Faisal Shahzad’s “Waiver” of His Rights
Faisal Shahzad was arrested just before midnight on May 3.
On May 5, the Pakistani newspaper Dawn reported that one of Shahzad’s friends and his father-in-law, Iftikhar Mian (elsewhere named as Mohammad Asif Mian), had been detained by Pakistani intelligence. The same report describes a meeting that took place on May 4, at which Pakistani authorities promised US Ambassador Anne Patterson full cooperation with the investigation. Also on May 5, the AP took a photograph (published in a May 6 Time article) showing a policeman apparently standing guard in front of Shahzad’s father’s house. Later the same day, less than 48 hours after Shahzad’s arrest CBS reported (apparently for a second time, given the title and the picture referring to an arraignment expected but postponed the day before) that Shahzad’s arraignment had been delayed. On May 6, a blog reported that Faisal’s father, retired air force officer Baharul Haq, was taken into “protective custody” by Pakistani officials.
On May 9, Dawn reported that the FBI was seeking access to Shahzad’s father.
On May 11, Dianne Feinstein confirmed that Shahzad had waived his right to speedy arraignment.
On May 14, Pakistan’s Interior Minister stated that there had been no formal arrests in Pakistan related to the Shahzad case.
In all of this reporting, there has been no solid reporting as to the status or location of Shahzad’s wife, American citizen Huma Mian, or his kids, at least one of whom is also US-born (though some reports had her staying at Shahzad’s father’s house).
I raise all this to point out that at a time when it still wasn’t clear whether or not Shahzad would “waive” his rights to appear in court and–apparently–have a lawyer, Pakistani authorities had already detained at least Shahzad’s friend and father-in-law, potentially his father, and might well have police guard on the house at which his wife remained (though, as I pointed out, we have no real clarity as to Huma Mian’s location). All of this presumably occurred in response to the US request for help on May 4, just hours after Shahzad was arrested. And, in that same period of time, Shahzad rather curiously waived not just his right to an arraignment, but possibly also his right to an attorney.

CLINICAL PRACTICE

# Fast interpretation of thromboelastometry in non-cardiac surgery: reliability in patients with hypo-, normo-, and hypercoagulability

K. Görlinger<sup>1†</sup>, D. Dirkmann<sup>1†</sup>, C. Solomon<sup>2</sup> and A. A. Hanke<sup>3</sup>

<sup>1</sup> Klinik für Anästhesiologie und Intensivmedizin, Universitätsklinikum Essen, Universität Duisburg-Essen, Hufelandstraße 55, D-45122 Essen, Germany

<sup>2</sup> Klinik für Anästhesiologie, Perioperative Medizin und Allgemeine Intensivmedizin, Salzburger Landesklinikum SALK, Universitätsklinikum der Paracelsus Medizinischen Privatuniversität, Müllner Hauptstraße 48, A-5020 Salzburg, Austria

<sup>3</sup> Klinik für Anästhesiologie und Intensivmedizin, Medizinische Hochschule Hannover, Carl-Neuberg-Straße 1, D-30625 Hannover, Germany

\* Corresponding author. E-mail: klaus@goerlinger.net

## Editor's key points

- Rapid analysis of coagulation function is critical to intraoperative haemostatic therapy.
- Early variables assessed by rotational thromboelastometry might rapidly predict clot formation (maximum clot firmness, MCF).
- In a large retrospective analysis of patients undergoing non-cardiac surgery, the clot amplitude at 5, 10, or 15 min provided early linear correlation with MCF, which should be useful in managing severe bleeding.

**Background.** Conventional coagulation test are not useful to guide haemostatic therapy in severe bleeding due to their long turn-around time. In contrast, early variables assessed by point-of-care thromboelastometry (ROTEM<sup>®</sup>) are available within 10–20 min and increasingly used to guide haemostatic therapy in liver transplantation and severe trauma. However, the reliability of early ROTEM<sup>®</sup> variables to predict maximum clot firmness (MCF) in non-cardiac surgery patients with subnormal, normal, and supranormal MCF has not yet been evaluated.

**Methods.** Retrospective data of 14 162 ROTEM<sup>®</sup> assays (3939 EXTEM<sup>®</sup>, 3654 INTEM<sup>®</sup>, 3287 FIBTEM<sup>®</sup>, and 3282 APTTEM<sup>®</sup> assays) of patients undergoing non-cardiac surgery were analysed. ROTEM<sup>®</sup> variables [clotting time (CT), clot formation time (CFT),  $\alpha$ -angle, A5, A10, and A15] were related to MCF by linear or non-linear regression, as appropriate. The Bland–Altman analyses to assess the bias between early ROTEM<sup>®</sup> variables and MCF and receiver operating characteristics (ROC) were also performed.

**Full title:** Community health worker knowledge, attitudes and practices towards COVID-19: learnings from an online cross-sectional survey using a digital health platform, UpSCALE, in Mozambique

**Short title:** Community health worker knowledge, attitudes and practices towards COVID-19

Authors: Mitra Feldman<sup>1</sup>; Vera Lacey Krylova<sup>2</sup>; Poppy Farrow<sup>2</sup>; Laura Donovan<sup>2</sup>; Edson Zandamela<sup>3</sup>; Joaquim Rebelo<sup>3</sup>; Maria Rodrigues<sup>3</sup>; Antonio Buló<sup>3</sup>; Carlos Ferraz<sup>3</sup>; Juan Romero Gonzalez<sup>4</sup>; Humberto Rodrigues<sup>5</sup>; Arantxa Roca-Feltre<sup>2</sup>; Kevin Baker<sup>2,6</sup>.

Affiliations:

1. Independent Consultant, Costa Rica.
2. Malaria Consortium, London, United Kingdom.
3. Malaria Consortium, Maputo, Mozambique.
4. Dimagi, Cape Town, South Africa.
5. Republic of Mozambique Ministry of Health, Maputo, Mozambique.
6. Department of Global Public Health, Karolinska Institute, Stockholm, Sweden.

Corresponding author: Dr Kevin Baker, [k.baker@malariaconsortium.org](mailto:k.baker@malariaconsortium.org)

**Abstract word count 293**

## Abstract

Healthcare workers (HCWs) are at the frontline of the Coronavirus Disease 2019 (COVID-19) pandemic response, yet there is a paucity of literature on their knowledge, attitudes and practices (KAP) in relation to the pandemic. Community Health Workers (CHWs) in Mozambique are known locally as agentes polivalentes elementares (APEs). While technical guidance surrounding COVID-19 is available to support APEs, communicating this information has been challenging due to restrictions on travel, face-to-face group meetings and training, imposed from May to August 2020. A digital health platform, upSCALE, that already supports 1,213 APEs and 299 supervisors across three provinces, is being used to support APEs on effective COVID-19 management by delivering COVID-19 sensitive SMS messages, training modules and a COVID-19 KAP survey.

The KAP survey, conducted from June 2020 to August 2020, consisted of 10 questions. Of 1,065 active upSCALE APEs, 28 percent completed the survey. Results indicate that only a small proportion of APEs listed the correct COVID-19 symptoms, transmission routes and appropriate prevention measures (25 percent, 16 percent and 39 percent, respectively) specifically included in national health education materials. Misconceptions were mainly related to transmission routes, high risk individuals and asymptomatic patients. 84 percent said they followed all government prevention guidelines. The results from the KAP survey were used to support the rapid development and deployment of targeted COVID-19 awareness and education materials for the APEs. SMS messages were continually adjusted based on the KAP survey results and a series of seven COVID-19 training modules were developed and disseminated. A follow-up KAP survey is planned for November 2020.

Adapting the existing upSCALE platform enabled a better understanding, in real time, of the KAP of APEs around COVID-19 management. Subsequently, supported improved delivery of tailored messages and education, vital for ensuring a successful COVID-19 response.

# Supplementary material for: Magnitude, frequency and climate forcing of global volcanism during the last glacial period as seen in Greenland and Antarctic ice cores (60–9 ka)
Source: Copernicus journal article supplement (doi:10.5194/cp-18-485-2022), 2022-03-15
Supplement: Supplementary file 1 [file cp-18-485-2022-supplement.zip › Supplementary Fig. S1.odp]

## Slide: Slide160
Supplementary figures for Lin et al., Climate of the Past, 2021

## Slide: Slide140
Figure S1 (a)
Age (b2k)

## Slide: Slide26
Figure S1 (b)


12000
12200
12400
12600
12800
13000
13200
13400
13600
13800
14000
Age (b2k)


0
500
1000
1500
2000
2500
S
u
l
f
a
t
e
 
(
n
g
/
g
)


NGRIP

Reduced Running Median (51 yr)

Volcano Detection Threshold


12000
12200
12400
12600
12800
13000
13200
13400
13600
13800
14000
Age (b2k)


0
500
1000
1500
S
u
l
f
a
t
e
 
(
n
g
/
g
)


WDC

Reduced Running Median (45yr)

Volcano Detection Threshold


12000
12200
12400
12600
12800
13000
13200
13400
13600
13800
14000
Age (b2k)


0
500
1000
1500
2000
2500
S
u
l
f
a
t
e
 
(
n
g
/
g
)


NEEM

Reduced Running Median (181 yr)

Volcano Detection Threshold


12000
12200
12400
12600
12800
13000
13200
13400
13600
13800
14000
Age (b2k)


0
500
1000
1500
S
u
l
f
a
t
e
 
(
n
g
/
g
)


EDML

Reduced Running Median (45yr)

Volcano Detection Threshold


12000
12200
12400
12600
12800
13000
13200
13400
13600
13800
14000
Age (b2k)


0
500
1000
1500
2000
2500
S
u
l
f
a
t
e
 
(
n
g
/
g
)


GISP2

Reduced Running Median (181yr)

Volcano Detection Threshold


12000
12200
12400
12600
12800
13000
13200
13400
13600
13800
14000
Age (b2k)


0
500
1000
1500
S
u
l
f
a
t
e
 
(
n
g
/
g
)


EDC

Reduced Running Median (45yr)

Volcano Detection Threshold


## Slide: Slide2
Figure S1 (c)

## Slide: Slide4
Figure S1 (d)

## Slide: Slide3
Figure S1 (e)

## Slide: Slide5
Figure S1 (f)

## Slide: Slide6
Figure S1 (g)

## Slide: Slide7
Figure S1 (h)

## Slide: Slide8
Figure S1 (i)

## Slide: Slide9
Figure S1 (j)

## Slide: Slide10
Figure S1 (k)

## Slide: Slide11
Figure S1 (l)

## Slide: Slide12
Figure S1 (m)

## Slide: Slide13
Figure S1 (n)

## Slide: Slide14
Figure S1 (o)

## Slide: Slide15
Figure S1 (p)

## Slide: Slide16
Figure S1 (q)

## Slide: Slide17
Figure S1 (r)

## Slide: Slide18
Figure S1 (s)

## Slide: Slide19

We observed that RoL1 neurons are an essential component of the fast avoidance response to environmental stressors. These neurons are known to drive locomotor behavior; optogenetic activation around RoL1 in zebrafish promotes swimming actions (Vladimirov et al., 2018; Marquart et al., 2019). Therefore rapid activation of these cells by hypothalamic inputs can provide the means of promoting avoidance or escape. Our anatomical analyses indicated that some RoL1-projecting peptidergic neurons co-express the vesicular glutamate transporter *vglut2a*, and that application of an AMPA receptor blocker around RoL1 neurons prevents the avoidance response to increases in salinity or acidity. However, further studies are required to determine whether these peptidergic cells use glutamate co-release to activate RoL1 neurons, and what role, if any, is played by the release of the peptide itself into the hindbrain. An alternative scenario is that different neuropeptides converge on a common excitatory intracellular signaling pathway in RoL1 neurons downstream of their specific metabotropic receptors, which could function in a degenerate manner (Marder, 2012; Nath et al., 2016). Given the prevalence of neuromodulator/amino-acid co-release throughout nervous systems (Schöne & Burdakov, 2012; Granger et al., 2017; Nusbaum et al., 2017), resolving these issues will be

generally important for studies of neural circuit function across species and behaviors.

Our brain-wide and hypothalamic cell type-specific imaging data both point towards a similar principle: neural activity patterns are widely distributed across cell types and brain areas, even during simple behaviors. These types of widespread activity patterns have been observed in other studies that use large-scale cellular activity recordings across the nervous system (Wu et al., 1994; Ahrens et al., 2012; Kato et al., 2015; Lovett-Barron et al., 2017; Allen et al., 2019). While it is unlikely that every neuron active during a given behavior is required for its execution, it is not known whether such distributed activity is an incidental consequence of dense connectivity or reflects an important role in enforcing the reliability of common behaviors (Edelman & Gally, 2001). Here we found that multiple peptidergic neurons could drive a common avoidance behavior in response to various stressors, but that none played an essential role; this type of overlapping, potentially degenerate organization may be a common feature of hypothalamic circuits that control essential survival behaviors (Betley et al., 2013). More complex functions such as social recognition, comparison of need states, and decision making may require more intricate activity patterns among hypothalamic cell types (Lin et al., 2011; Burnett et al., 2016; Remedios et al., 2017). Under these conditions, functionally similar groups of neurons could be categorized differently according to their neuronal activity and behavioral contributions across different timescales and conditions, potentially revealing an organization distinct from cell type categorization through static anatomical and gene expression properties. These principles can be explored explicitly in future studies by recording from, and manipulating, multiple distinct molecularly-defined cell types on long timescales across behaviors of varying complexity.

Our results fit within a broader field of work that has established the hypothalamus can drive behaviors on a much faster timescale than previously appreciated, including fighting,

Now consider what happened in two other big counterterrorism cases this year. To get Umar Farouk Abdulmutallab to cooperate, the FBI flew to Nigeria and persuaded his family to get him to cooperate (note, given Abdulmutallab’s father’s role in banking, the US would have a way of pressuring the father). And once the government indicted Najibullah Zazi’s father (followed by a few of his friends) it took just weeks to get him to plead guilty and start cooperating with investigators.
And all that, of course, happens against the background of incidences where the families of other detainees, notably Pakistanis Khalid Sheikh Mohammed and Aafia Siddiqui, were taken into custody and (at least in the case of KSM) used as threats against the parent.
Our government has been very successful at coercing terrorist suspects by using the suspects’ family.
Did the government use the detention of Shahzad’s and Mian’s fathers as a way to convince Shahzad to “waive” his rights to an arraignment and–more importantly–potentially a lawyer?